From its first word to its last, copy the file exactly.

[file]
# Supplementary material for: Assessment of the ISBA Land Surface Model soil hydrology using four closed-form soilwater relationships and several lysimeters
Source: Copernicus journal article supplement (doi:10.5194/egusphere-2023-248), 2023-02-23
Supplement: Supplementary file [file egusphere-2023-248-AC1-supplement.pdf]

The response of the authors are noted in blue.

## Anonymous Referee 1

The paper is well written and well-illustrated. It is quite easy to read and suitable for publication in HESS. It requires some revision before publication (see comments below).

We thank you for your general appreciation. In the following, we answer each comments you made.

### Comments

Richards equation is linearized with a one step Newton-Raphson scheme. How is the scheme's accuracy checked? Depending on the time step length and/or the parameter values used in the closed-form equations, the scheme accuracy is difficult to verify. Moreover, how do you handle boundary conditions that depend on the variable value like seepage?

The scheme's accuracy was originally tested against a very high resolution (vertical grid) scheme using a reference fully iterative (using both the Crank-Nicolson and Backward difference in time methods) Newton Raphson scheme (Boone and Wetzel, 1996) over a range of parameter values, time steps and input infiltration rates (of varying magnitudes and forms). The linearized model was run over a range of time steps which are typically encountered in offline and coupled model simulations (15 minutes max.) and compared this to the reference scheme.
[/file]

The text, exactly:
# Supplementary material for: Assessment of the ISBA Land Surface Model soil hydrology using four closed-form soilwater relationships and several lysimeters
Source: Copernicus journal article supplement (doi:10.5194/egusphere-2023-248), 2023-02-23
Supplement: Supplementary file [file egusphere-2023-248-AC1-supplement.pdf]

The response of the authors are noted in blue.

## Anonymous Referee 1

The paper is well written and well-illustrated. It is quite easy to read and suitable for publication in HESS. It requires some revision before publication (see comments below).

We thank you for your general appreciation. In the following, we answer each comments you made.

### Comments

Richards equation is linearized with a one step Newton-Raphson scheme. How is the scheme's accuracy checked? Depending on the time step length and/or the parameter values used in the closed-form equations, the scheme accuracy is difficult to verify. Moreover, how do you handle boundary conditions that depend on the variable value like seepage?

The scheme's accuracy was originally tested against a very high resolution (vertical grid) scheme using a reference fully iterative (using both the Crank-Nicolson and Backward difference in time methods) Newton Raphson scheme (Boone and Wetzel, 1996) over a range of parameter values, time steps and input infiltration rates (of varying magnitudes and forms). The linearized model was run over a range of time steps which are typically encountered in offline and coupled model simulations (15 minutes max.) and compared this to the reference scheme.